Visual Arts Program

Saturday, September 16, 2006 — Saturday, October 28, 2006



Presented at:

Bartow+Metzgar - <em>Corrupture</em>
Bartow+Metzgar - <em>Corrupture</em>
Bartow+Metzgar - <em>Corrupture</em>
Bartow+Metzgar - <em>Corrupture</em>

The projects undertaken by Bartow+Metzgar [Paul Bartow and Richard Metzgar] are arenas within which space is both created and disrupted. Theirs is a pointed exploration of “things in the world” and the the implications of rethinking things and structures as active agents. Using a simple set of algorithms or directives derived from certain known facts (size and shape of the gallery, its lighting track configuration, etc), B+M create an exploding assemblage whose unfolding growth highlights disparate and unexpected connections and relationships between objects and images. Elements of the urban environment (sound, signage, architecture) are reconfigured as the links and hybrids that invent new forms.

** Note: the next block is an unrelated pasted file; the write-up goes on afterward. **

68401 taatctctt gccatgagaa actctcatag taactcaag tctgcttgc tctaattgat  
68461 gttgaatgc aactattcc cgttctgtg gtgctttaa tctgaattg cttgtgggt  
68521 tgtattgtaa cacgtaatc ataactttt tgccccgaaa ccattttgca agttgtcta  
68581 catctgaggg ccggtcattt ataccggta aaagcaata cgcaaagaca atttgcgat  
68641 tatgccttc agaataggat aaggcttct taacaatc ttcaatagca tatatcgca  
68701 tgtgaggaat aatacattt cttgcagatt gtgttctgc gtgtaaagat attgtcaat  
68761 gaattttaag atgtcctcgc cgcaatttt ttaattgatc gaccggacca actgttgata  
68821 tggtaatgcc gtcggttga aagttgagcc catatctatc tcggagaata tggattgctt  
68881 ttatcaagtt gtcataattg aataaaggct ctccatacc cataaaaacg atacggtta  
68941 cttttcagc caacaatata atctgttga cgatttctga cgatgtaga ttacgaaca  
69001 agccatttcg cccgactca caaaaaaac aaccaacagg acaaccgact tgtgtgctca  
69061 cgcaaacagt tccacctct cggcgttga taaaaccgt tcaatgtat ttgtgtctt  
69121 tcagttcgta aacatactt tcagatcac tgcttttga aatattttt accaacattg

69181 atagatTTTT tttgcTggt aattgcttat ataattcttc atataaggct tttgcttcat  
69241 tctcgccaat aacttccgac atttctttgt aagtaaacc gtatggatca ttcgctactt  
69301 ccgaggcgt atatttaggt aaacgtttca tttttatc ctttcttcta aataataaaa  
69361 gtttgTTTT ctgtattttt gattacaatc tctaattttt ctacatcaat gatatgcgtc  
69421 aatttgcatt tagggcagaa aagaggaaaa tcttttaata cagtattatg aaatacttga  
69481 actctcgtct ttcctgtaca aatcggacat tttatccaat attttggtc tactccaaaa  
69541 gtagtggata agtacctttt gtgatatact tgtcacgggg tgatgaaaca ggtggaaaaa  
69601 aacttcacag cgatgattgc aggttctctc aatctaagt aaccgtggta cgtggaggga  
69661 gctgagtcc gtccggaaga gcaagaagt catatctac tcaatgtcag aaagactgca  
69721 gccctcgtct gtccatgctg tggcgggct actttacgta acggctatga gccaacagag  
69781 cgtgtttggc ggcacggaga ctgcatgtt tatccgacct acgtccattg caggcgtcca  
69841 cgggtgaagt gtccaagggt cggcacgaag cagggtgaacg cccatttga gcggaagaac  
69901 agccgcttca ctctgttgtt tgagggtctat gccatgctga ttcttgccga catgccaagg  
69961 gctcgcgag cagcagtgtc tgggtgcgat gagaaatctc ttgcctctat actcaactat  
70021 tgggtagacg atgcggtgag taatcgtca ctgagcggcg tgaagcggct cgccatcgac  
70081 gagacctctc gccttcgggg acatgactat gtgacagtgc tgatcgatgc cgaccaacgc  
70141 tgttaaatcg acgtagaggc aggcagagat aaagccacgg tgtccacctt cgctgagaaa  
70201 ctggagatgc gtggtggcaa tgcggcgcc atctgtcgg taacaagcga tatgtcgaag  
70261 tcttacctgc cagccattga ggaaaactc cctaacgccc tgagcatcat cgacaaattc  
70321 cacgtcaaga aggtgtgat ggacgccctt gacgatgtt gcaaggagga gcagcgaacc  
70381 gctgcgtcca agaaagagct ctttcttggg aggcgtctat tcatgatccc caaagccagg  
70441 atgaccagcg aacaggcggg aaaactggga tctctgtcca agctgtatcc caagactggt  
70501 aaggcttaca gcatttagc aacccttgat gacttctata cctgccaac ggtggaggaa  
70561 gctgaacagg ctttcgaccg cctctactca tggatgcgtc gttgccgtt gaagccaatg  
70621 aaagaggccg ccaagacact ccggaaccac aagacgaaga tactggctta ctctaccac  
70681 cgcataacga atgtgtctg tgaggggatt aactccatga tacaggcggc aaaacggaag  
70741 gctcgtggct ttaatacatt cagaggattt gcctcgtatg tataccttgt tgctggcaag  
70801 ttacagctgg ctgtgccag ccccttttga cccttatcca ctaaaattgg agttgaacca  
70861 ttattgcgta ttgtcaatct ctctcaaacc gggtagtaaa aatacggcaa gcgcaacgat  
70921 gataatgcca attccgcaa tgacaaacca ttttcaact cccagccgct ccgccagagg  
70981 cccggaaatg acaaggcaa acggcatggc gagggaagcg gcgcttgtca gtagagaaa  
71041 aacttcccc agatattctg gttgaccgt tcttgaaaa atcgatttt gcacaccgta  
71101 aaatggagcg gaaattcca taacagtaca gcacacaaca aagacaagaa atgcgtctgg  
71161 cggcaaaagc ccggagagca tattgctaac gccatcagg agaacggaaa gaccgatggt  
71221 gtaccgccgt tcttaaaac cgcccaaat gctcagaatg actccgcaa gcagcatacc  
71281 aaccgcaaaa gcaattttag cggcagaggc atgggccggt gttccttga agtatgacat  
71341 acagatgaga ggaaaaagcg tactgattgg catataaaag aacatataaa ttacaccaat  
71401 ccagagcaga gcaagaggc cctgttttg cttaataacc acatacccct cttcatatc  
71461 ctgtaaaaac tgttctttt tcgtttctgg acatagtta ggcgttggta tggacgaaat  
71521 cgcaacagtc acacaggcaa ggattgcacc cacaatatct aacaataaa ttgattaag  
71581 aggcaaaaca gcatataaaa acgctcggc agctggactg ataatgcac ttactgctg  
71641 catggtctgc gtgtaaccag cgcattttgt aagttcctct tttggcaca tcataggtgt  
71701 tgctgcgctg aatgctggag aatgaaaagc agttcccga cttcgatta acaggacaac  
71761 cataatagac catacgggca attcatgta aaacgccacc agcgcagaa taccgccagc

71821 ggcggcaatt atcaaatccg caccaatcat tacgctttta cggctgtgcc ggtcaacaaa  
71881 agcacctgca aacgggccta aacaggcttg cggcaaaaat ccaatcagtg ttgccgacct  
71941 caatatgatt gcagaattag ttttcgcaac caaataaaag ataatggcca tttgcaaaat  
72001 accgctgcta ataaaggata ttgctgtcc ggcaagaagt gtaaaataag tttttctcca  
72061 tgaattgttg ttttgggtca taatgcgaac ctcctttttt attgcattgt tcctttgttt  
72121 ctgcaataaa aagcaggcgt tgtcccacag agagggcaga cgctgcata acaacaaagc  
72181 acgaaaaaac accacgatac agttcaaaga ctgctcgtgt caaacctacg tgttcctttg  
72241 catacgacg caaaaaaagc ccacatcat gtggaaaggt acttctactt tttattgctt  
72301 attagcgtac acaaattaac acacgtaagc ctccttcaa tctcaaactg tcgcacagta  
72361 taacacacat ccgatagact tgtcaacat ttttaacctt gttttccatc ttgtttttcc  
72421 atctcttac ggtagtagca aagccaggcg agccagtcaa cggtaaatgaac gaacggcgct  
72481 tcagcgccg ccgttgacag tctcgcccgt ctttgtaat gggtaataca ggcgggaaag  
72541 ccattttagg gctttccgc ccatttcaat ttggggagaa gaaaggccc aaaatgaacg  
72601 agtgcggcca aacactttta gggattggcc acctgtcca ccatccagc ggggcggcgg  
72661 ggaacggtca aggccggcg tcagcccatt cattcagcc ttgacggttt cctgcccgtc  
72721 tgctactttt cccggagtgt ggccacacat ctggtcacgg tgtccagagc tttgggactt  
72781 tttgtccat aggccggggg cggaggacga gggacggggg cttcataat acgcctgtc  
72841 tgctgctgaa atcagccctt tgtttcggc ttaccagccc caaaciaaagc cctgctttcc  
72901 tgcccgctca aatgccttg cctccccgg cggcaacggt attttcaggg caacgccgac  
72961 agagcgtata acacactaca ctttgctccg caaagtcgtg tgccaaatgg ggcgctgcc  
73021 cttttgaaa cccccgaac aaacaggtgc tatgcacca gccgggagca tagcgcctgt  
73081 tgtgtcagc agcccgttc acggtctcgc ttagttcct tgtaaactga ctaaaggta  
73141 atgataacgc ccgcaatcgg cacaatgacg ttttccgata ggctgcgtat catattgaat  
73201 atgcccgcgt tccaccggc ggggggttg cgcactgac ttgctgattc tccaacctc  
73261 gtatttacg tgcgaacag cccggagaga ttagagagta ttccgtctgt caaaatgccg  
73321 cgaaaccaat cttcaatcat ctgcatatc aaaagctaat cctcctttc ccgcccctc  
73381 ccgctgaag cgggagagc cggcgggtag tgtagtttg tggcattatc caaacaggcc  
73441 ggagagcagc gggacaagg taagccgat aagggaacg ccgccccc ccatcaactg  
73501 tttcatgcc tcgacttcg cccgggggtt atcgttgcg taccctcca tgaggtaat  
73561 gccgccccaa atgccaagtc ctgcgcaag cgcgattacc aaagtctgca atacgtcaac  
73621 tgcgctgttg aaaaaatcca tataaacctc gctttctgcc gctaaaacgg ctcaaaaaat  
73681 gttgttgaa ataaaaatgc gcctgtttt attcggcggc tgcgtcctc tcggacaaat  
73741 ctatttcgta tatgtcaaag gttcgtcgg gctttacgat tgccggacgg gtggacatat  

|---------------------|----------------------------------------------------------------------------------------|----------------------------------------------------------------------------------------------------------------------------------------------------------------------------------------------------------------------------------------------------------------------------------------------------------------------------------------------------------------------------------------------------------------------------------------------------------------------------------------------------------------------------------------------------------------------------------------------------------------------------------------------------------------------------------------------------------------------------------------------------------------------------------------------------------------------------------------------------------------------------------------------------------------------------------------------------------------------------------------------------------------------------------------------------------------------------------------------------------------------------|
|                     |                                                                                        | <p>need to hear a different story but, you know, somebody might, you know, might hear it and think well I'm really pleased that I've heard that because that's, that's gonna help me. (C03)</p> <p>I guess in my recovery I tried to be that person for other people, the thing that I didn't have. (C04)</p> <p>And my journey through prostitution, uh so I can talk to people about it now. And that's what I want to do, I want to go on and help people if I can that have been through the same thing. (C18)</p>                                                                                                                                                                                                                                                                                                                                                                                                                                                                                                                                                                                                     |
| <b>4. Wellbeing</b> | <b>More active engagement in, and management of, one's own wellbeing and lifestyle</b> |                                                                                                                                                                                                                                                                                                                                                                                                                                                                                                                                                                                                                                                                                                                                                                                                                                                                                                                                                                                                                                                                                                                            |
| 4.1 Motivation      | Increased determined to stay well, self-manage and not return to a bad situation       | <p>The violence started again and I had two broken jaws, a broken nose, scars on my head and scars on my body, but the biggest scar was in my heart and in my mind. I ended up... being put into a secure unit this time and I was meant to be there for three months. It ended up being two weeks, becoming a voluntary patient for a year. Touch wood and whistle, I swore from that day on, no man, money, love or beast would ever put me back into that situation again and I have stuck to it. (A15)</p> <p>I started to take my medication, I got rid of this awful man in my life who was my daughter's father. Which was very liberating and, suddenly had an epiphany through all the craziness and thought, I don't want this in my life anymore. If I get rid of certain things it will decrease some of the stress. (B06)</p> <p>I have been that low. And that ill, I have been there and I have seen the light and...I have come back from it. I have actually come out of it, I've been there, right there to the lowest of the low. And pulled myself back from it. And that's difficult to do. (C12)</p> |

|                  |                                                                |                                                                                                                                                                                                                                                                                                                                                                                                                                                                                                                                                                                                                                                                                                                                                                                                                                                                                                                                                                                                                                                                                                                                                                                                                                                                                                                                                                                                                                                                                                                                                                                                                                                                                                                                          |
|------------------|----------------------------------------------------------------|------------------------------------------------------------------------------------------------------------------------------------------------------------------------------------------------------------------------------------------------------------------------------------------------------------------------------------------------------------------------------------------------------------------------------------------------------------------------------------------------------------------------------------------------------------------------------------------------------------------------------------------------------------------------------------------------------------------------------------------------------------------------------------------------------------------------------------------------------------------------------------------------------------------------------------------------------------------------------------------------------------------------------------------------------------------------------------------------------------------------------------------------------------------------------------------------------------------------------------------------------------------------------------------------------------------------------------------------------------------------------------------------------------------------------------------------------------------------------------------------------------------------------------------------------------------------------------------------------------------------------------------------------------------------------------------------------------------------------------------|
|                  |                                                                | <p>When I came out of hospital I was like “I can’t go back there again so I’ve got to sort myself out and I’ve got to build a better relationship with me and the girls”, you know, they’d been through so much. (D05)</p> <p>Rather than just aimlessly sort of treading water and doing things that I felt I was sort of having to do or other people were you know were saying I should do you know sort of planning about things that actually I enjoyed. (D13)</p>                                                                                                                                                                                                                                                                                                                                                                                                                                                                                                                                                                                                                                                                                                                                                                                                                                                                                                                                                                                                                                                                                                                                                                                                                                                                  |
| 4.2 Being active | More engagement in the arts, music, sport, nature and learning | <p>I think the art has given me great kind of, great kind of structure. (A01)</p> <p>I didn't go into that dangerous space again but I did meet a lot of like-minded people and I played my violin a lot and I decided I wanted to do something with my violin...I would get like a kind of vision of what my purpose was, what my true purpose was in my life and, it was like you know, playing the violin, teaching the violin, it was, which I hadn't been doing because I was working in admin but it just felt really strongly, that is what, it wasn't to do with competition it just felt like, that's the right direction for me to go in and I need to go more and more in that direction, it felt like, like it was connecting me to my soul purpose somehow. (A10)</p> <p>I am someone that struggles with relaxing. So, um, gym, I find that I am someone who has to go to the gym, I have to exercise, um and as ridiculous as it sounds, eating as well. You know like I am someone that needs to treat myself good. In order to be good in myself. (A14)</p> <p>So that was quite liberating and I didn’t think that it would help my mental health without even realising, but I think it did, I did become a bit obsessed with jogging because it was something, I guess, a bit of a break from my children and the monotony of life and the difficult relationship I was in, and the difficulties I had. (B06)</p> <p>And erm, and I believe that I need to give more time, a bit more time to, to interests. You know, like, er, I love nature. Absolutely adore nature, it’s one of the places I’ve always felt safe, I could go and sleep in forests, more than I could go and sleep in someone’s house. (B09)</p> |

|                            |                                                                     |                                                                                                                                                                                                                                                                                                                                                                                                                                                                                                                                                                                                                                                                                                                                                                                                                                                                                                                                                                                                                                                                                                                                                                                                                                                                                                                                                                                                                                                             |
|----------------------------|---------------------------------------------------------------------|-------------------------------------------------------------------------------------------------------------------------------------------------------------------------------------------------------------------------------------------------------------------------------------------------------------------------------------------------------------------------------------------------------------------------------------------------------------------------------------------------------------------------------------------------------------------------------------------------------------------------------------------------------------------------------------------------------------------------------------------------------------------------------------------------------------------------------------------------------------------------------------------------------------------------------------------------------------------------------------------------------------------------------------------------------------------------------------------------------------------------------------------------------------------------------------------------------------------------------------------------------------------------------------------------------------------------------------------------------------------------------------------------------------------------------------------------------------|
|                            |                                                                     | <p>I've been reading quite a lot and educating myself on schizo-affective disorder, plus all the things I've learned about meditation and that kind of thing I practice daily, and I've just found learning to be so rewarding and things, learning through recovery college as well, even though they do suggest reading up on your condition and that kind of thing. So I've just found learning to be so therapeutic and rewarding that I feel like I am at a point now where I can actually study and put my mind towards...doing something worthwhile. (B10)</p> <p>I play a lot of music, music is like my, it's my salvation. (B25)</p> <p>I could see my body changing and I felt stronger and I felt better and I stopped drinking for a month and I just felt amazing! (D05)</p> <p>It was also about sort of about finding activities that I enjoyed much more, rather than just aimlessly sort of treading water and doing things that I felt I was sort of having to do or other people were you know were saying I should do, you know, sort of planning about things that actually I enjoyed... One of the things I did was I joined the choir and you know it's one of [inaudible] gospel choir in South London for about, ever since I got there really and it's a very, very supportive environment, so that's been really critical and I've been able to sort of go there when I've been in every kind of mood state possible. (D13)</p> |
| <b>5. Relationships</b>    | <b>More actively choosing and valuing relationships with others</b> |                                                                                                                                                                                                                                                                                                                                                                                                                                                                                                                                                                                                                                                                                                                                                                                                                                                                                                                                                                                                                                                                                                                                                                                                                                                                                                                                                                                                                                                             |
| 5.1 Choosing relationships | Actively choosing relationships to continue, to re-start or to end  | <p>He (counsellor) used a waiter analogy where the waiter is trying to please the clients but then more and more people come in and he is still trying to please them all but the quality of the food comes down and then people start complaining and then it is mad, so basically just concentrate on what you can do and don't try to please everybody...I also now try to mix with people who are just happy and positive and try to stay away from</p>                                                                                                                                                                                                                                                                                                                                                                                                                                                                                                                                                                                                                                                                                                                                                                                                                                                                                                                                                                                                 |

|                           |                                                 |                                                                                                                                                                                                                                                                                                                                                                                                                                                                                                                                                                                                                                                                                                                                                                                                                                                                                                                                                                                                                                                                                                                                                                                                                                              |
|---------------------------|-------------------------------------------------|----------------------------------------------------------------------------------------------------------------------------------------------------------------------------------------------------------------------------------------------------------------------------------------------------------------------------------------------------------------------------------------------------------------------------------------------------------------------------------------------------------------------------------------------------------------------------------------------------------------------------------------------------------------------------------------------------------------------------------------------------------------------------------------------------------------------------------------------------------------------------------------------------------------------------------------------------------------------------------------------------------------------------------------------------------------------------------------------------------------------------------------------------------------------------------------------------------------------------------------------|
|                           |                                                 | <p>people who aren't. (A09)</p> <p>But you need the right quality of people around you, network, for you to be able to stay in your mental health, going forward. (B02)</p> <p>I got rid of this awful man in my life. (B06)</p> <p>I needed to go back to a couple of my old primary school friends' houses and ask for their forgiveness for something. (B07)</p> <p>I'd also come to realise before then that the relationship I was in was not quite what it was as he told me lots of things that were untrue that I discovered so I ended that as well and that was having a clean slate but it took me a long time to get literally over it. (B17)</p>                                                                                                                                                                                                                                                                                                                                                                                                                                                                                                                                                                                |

There is a wildly exploratory aspect to the practice of Bartow+Metzgar, one in which concrete objects and images nonetheless take on entirely malleable form as they are manifest within a context that relies on (and relishes) rethinking space as an unfolding potentiality. B+M are continually re-examining oneÕs embodiment with the everyday, in that bodily perceptions are continually assaulted with a multiplicity of sensorial stimuli. All of these factors become opportunities for the investigation of potential mediators within the open Bartow+Metzgar equation. To them, there is no such thing as too much. More mediators equal more experiences of the world.

The painted, printed, and video images used as samples of the everyday Corrupture were culled from urban environments including Tapei, Montreal, Rochester, Vancouver, and New York City. It should be a telling detail that these two sculptors collaborate as a single entity separated only by a “+” sign. Their installation projects are distinct versions of “+”. The manner in which elements are added is never repeated, but the underlying sense of perpetual aggregation persists.

Some publications related to this event:
September, 2006 - 2006
October, 2006 - 2006